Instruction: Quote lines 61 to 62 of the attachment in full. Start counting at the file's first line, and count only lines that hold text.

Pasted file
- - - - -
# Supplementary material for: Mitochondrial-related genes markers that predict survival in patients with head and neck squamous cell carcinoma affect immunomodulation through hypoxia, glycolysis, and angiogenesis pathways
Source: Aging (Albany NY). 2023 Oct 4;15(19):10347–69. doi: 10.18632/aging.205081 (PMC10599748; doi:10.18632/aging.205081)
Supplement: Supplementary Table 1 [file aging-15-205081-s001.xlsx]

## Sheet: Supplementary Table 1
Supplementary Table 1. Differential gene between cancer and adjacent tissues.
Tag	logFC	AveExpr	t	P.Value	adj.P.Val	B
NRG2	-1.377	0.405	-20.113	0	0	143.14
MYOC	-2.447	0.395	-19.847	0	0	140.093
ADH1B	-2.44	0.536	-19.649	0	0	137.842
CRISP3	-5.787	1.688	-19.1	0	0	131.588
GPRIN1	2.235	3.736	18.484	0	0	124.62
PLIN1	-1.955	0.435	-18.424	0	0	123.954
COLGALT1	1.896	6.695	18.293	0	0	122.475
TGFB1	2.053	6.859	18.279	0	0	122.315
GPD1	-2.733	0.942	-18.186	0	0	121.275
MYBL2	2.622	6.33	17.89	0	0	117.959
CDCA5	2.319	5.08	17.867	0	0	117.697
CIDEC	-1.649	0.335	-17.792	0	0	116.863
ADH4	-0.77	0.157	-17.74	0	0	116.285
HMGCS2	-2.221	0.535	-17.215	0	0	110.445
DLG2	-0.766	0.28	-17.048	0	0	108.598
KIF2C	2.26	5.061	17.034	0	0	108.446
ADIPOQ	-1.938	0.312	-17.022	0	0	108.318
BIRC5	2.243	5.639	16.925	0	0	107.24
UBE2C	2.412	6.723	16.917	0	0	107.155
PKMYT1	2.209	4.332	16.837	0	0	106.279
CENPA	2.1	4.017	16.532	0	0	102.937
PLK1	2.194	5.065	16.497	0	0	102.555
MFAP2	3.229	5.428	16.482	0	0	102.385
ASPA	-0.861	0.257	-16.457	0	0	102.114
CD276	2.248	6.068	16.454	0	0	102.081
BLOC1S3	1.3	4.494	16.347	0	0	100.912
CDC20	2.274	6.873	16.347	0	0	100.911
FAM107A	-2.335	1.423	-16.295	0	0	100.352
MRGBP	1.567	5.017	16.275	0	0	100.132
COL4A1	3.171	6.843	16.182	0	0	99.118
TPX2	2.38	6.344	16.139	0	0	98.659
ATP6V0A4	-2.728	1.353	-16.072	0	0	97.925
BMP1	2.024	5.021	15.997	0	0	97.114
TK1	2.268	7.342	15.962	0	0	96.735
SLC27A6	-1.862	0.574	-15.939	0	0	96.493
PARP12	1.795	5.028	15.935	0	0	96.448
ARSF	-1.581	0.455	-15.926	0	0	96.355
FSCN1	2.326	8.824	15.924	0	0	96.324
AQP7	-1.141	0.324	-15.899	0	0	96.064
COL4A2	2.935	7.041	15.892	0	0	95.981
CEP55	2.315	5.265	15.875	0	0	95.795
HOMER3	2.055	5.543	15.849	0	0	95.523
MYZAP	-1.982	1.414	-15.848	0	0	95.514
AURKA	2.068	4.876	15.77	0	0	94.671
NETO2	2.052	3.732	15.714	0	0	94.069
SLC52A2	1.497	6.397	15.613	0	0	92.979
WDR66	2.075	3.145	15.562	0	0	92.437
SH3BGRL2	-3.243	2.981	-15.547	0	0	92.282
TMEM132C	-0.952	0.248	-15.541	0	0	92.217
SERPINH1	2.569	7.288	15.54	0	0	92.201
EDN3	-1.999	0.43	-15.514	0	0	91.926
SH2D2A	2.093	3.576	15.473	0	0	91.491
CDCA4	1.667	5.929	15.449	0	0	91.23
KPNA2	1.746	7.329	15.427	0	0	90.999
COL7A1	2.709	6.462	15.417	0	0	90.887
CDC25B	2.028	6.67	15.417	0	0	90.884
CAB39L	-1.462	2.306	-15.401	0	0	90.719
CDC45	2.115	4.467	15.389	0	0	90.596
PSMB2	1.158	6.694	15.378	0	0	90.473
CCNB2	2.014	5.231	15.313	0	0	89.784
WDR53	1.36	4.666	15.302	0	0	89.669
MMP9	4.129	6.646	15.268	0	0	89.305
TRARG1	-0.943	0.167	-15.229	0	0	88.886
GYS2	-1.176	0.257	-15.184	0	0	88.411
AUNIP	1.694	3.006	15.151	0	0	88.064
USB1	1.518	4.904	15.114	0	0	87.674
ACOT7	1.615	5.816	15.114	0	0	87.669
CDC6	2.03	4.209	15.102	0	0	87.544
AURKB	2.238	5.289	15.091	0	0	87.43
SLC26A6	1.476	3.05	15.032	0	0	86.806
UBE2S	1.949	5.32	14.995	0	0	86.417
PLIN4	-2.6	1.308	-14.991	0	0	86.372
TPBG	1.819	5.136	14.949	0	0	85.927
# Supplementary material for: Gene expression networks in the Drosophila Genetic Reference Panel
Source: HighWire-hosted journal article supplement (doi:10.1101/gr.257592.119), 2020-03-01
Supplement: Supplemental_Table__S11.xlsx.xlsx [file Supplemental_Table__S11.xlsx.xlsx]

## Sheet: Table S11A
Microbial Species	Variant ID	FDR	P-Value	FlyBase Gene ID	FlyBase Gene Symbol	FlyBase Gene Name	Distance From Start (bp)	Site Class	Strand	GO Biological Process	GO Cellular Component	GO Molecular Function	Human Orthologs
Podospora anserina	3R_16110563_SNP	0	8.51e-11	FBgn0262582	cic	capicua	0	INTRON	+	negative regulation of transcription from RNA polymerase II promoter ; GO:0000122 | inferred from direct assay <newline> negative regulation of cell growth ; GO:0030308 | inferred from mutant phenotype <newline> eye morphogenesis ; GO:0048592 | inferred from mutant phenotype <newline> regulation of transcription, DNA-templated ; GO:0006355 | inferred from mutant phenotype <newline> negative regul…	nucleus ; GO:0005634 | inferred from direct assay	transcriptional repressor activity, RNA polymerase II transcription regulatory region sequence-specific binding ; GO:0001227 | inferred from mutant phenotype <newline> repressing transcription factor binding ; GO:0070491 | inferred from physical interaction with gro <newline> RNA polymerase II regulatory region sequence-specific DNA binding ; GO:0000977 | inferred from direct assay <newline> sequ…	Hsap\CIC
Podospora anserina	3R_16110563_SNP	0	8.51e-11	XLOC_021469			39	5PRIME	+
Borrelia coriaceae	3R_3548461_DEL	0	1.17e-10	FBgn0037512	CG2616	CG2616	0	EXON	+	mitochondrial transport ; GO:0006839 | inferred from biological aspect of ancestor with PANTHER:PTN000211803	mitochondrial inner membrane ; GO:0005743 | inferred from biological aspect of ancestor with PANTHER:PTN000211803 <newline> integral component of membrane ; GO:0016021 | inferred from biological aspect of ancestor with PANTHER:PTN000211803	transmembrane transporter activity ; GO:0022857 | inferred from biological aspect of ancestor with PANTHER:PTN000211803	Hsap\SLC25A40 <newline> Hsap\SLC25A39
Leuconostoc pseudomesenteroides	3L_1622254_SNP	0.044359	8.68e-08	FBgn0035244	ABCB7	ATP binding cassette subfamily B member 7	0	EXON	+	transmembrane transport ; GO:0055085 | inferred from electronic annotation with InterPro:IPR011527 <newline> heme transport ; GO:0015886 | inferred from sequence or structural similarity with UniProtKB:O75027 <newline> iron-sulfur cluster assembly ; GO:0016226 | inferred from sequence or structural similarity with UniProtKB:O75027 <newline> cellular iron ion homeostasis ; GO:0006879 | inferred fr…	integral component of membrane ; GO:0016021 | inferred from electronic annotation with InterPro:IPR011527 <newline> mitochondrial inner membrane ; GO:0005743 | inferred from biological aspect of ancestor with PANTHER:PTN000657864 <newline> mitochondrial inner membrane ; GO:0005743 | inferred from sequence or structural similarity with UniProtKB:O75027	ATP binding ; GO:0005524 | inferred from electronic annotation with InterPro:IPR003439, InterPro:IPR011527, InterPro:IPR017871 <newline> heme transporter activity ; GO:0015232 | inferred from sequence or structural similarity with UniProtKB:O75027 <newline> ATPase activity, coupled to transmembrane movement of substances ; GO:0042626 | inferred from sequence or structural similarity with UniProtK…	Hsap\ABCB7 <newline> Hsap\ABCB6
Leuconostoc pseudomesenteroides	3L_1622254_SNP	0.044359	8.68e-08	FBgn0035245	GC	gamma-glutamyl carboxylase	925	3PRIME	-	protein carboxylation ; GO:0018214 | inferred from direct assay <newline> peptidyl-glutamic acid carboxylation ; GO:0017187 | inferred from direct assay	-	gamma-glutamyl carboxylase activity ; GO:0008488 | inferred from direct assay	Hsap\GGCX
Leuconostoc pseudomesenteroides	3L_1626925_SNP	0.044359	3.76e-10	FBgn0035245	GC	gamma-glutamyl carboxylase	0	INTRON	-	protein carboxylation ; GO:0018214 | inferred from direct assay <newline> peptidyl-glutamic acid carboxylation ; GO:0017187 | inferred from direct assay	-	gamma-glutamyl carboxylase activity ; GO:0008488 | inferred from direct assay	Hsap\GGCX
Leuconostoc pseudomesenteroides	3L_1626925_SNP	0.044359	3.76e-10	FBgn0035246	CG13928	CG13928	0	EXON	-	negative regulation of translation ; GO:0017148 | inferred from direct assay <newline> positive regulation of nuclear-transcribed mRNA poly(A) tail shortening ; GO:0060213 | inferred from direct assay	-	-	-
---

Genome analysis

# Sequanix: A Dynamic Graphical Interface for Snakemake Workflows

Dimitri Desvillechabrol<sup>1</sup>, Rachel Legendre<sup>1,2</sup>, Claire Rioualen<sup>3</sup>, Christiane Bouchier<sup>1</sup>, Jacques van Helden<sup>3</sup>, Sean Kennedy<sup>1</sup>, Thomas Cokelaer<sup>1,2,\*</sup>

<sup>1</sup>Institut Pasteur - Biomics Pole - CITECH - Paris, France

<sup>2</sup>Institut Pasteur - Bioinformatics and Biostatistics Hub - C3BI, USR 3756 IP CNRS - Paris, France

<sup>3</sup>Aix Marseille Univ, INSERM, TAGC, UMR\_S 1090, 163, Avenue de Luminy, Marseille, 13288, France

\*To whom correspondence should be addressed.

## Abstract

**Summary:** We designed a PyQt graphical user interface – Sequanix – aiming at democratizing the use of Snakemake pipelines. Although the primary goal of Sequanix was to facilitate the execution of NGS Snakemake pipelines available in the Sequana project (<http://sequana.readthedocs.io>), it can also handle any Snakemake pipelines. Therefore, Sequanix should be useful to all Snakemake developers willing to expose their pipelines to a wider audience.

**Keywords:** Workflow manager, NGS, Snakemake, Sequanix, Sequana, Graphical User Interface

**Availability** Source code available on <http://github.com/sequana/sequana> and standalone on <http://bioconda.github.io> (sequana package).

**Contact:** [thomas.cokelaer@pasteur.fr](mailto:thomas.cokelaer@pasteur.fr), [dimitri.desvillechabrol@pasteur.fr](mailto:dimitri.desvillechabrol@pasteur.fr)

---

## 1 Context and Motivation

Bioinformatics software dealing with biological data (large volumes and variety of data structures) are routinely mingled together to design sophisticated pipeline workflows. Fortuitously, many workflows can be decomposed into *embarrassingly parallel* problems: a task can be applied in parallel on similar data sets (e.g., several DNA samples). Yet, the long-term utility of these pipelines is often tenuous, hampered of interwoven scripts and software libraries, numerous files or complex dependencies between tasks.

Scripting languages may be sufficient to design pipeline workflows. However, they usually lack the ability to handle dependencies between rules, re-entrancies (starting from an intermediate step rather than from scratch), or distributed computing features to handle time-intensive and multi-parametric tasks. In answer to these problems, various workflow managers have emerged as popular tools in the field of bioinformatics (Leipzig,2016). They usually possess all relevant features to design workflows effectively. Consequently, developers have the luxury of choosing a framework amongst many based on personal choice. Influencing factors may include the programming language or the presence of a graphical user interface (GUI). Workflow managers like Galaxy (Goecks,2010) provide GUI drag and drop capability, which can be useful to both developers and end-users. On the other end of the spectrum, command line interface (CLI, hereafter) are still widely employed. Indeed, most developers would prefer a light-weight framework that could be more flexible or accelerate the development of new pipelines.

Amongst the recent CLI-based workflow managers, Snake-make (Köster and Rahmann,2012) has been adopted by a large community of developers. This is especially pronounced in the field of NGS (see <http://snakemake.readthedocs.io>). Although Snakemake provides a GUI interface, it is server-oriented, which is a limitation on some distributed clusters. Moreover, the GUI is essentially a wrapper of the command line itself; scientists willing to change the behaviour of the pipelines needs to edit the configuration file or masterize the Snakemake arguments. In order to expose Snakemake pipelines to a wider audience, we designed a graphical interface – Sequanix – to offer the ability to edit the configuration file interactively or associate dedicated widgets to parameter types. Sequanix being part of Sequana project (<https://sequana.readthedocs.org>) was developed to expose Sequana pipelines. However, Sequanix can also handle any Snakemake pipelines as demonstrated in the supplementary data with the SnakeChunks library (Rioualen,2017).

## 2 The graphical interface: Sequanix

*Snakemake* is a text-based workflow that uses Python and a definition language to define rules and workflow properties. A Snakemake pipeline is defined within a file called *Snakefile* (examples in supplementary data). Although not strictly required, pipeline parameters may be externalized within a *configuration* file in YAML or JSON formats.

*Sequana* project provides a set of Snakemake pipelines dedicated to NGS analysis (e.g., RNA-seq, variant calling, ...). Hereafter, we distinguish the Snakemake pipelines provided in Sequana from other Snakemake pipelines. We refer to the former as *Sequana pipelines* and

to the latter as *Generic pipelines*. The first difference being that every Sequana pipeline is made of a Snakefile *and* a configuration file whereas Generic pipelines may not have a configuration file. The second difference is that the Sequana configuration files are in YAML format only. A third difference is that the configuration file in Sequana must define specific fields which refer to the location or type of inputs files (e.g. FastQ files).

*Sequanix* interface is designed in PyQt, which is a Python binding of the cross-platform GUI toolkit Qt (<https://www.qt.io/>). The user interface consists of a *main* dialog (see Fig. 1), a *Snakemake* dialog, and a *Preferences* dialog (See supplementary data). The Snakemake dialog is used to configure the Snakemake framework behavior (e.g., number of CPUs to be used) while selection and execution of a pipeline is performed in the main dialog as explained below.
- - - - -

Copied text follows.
COL7A1	2.709	6.462	15.417	0	0	90.887
CDC25B	2.028	6.67	15.417	0	0	90.884